Sorbus americana
Common Name: American mountain ash 
Type: Deciduous shrub
Family: Rosaceae
Native Range: Eastern North America
Zone: 3 to 6
Height: 15.00 to 30.00 feet
Spread: 15.00 to 25.00 feet
Bloom Time: May
Bloom Description: White
Sun: Full sun
Water: Medium
Maintenance: Medium
Suggested Use: Flowering Tree
Flower: Showy
Attracts: Birds
Fruit: Showy, Edible


Best grown in moist, acidic, humusy, well-drained soils in full sun. As the common name suggests, this is a tree of cool mountain climates that dislikes dry soils and hot and humid summers. It will not grow well in the deep South below USDA Zone 6. It is somewhat intolerant of urban pollution. It generally requires little pruning. Prune if needed from late fall to early spring.

Noteworthy Characteristics

Sorbus americana, called American mountain ash, is a small, deciduous, understory tree (sometimes a shrub) that is native to northeastern North America from Newfoundland to Manitoba south to northern Illinois, northern Michigan and New Jersey plus further south in the Appalachians to Georgia. It typically grows to 15-30’ tall with an open rounded crown. It is noted for its attractive form, white spring flowers, serrate compound-pinnate leaves and bright orange-red fall fruit. Smooth, gray bark becomes scaly with age. Dense flattened clusters (corymbs to 3-6” across) of very small 5-petaled white flowers (each to 1/4” wide) appear in May. Flowers are followed by bright orange-red berries (each to 5/16” diameter) that ripen in late summer and remain on the tree after leaf-drop. Berries are attractive to birds and animals, but too acidic to be eaten fresh off the tree by humans. Berries may be made into jellies. Each odd pinnate leaf (6-10” long) typically has 9-17 sharply serrated, lance shaped, dark green leaflets (2-4” long) with gray-green undersides. Foliage turns yellow in fall. Mountain ashes usually have ash-like leaves, but are members of the rose family, and are not related to true ashes (Fraxinus), which are in the olive family.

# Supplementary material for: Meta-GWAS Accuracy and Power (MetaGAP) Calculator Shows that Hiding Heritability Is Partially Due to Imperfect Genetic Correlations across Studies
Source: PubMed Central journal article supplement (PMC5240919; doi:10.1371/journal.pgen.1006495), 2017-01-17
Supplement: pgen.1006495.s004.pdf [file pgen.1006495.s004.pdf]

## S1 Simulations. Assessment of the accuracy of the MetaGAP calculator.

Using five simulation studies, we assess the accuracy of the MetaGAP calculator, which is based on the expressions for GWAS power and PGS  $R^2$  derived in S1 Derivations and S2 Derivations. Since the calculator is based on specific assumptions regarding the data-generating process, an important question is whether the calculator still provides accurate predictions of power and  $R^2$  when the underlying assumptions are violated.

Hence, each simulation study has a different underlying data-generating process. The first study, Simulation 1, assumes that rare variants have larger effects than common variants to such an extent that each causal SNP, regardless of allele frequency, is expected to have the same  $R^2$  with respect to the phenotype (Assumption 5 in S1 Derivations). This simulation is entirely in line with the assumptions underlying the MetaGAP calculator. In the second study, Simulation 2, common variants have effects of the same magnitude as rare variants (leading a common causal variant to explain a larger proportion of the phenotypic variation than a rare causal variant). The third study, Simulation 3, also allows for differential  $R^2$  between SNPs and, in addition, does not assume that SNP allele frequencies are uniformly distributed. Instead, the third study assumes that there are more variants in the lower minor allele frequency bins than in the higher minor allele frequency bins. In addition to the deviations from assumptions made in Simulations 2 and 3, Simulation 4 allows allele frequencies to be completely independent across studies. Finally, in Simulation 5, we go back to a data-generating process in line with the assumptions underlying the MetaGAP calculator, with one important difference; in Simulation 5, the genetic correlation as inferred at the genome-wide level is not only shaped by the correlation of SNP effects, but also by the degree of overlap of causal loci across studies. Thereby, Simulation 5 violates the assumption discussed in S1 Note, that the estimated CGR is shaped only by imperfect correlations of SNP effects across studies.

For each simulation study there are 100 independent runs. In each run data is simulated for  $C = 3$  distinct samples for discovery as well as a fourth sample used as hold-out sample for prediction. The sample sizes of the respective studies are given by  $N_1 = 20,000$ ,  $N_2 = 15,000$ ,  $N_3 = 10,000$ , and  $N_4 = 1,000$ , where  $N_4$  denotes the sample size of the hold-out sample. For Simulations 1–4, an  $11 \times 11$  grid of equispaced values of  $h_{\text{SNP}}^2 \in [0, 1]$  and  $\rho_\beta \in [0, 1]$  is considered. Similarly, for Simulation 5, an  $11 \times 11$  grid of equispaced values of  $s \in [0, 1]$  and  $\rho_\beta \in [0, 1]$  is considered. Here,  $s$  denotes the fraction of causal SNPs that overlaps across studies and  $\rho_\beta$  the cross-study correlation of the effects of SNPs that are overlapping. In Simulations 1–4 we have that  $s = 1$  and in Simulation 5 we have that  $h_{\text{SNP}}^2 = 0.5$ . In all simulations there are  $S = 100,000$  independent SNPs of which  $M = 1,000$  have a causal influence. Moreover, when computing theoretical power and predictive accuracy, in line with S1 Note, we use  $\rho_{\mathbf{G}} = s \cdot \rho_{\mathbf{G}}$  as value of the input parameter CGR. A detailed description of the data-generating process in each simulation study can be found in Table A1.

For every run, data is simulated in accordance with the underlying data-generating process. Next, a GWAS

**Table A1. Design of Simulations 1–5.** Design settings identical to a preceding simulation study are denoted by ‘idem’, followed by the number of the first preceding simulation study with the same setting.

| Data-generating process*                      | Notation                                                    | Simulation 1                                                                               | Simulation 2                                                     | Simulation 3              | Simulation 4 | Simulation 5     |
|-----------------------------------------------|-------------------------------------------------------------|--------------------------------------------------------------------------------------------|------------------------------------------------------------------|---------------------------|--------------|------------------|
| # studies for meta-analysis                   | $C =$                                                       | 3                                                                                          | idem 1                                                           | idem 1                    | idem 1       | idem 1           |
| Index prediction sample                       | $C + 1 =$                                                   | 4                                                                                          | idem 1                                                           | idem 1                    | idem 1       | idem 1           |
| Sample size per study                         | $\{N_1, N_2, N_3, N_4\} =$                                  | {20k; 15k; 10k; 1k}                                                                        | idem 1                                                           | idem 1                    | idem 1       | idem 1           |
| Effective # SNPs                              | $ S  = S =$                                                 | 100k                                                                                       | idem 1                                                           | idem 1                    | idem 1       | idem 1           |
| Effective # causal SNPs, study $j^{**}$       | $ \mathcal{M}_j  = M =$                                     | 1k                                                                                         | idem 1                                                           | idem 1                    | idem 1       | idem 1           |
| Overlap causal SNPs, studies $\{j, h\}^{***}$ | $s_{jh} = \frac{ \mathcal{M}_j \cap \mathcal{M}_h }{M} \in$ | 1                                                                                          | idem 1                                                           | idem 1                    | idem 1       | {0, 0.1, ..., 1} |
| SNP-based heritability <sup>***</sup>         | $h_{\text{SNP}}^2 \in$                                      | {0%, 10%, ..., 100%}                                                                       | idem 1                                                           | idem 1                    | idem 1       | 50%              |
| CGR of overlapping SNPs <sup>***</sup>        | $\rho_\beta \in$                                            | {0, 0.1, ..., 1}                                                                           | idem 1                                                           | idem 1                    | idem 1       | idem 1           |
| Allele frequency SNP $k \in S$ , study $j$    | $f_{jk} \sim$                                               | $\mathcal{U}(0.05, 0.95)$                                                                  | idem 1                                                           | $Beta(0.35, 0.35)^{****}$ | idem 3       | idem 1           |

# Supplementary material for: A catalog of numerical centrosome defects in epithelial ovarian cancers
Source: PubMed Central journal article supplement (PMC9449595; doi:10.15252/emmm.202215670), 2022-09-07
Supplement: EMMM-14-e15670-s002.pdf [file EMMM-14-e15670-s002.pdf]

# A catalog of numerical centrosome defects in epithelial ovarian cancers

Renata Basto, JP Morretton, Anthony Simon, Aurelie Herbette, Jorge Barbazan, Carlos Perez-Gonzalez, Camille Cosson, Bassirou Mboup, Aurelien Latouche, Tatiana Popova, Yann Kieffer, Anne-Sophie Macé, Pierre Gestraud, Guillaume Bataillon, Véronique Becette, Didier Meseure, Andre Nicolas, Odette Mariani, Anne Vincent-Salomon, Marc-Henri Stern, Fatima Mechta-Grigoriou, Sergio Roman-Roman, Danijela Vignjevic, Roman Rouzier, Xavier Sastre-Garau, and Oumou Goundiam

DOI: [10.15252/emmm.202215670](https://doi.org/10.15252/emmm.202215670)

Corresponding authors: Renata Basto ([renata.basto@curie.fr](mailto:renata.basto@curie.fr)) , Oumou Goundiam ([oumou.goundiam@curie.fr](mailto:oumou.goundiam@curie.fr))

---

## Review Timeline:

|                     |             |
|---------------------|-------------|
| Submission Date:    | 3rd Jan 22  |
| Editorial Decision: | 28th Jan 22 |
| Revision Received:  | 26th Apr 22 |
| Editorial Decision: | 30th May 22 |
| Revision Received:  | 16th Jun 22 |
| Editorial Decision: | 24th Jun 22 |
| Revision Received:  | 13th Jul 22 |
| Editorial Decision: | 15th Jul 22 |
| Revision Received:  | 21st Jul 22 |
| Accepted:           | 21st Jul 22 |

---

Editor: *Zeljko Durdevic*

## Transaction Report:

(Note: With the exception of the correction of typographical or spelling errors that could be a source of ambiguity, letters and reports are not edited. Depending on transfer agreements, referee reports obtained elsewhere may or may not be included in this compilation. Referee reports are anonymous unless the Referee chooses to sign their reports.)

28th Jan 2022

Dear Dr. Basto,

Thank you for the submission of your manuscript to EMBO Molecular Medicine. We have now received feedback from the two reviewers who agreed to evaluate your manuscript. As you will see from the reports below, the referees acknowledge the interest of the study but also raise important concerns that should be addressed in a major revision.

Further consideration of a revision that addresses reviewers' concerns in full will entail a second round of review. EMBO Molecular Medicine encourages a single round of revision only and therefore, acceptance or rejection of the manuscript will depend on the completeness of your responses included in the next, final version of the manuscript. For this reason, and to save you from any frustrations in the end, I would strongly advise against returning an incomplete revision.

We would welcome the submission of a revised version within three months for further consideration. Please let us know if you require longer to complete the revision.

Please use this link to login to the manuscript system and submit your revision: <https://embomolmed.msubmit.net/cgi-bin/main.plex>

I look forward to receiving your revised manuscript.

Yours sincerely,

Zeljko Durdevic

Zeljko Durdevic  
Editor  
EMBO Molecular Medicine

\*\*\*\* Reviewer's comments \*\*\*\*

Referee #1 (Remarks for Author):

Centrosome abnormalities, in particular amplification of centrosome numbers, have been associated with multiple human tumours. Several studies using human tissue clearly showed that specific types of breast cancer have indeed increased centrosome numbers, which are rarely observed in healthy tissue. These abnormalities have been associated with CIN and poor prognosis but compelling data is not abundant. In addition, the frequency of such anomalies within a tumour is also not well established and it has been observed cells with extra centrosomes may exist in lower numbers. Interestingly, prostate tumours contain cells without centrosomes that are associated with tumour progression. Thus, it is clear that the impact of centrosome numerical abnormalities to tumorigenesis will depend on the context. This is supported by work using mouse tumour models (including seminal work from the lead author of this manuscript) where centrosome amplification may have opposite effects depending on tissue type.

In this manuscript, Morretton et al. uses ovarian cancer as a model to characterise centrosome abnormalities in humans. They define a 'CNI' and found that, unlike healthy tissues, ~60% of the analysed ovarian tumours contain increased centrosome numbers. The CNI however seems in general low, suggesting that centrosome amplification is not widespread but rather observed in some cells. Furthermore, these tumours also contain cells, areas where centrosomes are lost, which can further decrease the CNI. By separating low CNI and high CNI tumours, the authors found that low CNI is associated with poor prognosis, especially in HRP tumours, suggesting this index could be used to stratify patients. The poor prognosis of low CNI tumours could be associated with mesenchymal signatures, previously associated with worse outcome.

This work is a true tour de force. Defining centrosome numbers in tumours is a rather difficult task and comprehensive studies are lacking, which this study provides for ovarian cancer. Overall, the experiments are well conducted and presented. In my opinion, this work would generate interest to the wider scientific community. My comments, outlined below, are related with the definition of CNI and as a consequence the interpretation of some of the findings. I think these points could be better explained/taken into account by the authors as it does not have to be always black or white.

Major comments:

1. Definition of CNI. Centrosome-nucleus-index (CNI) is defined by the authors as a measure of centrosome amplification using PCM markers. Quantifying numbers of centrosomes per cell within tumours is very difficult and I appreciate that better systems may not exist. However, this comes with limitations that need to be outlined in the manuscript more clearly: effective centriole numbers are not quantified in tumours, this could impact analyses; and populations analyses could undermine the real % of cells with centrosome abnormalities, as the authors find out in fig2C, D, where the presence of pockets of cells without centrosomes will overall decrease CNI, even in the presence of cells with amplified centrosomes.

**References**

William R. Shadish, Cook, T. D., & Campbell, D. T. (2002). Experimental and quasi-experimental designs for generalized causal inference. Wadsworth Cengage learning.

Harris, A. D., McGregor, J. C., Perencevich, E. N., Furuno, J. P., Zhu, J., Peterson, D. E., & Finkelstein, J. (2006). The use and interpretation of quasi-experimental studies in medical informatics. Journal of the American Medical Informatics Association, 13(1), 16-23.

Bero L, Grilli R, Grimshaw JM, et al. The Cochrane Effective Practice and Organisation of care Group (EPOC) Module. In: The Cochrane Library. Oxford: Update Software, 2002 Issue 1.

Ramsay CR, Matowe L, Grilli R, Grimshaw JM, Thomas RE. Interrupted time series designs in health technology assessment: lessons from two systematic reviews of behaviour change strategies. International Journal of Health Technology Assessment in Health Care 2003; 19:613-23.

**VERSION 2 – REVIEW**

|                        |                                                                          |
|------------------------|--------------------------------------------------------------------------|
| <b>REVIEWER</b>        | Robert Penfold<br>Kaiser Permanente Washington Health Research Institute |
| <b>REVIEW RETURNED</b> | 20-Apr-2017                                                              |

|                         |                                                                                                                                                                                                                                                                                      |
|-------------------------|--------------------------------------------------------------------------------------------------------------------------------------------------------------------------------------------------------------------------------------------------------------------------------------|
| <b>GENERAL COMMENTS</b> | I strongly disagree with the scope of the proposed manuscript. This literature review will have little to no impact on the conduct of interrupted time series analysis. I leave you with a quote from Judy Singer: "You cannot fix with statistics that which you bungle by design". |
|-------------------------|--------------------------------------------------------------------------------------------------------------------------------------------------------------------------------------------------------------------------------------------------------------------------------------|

Genus name comes from the Latin name sorbum for the fruit of the service tree (Sorbus domestica).

Specific epithet means of North or South America.


Bacterial fireblight can be a severe problem, causing scorched leaves at the branch ends. Scab can cause significant defoliation. Cankers, crown gall, powdery mildew and rust may also occur. Insect visitors include borers, aphids, sawfly and scale. Stressed trees are generally more susceptible to attack from canker and borers.


Lawn specimen or small shade tree for cool northern climates. It is not recommended for the St. Louis climate.